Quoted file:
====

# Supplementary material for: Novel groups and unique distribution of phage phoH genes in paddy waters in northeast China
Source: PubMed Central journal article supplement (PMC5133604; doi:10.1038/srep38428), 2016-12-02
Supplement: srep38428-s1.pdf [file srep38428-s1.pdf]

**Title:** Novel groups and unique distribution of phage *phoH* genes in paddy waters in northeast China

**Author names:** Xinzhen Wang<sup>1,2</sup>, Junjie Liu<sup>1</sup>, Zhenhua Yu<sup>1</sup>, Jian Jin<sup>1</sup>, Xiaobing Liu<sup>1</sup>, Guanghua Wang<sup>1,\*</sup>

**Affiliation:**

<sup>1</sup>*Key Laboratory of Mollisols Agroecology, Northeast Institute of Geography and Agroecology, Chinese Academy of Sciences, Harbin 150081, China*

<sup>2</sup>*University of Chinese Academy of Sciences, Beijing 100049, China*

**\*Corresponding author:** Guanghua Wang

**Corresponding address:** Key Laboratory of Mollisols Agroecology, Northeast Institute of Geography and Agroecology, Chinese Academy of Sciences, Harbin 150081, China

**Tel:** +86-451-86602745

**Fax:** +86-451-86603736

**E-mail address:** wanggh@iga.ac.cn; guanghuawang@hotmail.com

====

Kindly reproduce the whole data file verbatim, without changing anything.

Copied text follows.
# Supplementary material for: Novel groups and unique distribution of phage phoH genes in paddy waters in northeast China
Source: PubMed Central journal article supplement (PMC5133604; doi:10.1038/srep38428), 2016-12-02
Supplement: srep38428-s1.pdf [file srep38428-s1.pdf]

**Title:** Novel groups and unique distribution of phage *phoH* genes in paddy waters in northeast China

**Author names:** Xinzhen Wang<sup>1,2</sup>, Junjie Liu<sup>1</sup>, Zhenhua Yu<sup>1</sup>, Jian Jin<sup>1</sup>, Xiaobing Liu<sup>1</sup>, Guanghua Wang<sup>1,\*</sup>

**Affiliation:**

<sup>1</sup>*Key Laboratory of Mollisols Agroecology, Northeast Institute of Geography and Agroecology, Chinese Academy of Sciences, Harbin 150081, China*

<sup>2</sup>*University of Chinese Academy of Sciences, Beijing 100049, China*

**\*Corresponding author:** Guanghua Wang

**Corresponding address:** Key Laboratory of Mollisols Agroecology, Northeast Institute of Geography and Agroecology, Chinese Academy of Sciences, Harbin 150081, China

**Tel:** +86-451-86602745

**Fax:** +86-451-86603736

**E-mail address:** wanggh@iga.ac.cn; guanghuawang@hotmail.com